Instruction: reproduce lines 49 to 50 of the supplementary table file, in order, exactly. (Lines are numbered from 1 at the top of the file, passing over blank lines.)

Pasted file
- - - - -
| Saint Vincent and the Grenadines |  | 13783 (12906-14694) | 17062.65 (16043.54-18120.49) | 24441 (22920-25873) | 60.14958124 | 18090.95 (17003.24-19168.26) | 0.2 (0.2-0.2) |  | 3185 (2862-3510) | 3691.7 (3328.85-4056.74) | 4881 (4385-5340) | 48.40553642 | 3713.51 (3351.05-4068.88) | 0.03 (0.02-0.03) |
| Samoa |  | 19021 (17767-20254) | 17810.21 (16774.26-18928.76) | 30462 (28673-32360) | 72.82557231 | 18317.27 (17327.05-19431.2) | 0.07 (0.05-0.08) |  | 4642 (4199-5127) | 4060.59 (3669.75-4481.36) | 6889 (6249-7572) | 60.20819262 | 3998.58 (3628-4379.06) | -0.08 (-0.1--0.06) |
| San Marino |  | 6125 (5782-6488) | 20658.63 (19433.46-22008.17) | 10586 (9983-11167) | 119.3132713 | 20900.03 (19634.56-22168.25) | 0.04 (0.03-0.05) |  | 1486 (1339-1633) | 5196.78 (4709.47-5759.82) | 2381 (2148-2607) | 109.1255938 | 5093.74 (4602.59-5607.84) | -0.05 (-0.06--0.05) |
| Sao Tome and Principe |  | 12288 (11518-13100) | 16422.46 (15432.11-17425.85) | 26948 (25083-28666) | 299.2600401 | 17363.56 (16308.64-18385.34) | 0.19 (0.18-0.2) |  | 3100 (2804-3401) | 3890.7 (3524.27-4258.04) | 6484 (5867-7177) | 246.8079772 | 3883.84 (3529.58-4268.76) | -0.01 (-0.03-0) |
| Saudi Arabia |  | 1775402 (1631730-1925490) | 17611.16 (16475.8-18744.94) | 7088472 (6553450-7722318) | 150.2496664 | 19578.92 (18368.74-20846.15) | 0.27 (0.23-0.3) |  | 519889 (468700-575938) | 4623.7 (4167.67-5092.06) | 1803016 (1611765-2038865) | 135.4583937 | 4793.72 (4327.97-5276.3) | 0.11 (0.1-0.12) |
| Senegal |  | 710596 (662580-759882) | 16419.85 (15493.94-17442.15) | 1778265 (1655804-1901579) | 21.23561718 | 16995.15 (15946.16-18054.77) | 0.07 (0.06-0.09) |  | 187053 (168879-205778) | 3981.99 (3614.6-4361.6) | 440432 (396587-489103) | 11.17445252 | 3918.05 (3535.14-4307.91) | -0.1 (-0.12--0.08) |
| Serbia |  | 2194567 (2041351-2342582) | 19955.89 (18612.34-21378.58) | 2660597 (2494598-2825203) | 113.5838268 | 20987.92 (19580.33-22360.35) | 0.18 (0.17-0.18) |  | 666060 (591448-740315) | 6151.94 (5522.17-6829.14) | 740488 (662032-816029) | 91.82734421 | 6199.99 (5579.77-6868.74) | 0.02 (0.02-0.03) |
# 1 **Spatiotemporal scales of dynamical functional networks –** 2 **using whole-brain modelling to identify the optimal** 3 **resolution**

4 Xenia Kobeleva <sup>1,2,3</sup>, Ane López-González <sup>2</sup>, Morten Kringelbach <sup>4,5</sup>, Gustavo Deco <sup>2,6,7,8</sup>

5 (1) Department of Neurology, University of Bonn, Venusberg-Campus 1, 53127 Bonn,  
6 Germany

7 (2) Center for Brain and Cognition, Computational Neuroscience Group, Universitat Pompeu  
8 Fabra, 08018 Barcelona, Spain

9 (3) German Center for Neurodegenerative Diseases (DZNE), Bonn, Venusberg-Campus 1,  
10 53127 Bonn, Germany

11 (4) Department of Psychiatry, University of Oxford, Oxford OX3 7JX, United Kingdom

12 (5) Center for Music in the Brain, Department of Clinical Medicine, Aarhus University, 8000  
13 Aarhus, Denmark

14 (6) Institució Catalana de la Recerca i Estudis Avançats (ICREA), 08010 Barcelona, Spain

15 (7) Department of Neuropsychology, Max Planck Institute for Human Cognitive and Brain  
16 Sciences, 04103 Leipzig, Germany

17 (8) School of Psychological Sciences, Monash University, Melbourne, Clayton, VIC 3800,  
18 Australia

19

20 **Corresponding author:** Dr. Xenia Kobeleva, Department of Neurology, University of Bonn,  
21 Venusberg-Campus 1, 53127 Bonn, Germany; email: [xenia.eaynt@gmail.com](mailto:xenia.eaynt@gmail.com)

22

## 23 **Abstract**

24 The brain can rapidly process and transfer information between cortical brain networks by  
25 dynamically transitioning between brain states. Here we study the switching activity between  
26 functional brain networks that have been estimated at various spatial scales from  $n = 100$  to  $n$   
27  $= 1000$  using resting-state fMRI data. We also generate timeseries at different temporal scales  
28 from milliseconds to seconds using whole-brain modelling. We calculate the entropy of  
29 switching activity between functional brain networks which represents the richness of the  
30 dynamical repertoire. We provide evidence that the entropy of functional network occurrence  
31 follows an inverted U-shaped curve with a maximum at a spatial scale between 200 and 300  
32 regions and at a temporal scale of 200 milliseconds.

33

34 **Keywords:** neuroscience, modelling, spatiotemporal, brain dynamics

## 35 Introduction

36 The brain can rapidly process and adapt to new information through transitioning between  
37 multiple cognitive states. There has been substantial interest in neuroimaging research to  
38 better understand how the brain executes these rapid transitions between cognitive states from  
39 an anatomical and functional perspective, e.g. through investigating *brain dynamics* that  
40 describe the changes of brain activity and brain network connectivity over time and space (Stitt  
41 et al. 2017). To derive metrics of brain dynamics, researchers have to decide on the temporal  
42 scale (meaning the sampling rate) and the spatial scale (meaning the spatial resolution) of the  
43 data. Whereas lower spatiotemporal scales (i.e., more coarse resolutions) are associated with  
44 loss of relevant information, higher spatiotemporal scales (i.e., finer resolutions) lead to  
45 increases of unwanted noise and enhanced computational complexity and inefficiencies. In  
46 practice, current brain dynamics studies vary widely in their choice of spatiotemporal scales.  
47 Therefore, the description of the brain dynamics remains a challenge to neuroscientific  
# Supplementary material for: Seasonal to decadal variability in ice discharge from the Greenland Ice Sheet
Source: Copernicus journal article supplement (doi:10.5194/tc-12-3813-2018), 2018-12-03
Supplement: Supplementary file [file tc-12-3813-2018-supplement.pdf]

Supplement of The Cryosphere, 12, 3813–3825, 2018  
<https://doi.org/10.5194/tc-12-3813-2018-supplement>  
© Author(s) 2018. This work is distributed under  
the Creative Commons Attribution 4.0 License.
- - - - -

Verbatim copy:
44 loss of relevant information, higher spatiotemporal scales (i.e., finer resolutions) lead to  
45 increases of unwanted noise and enhanced computational complexity and inefficiencies. In  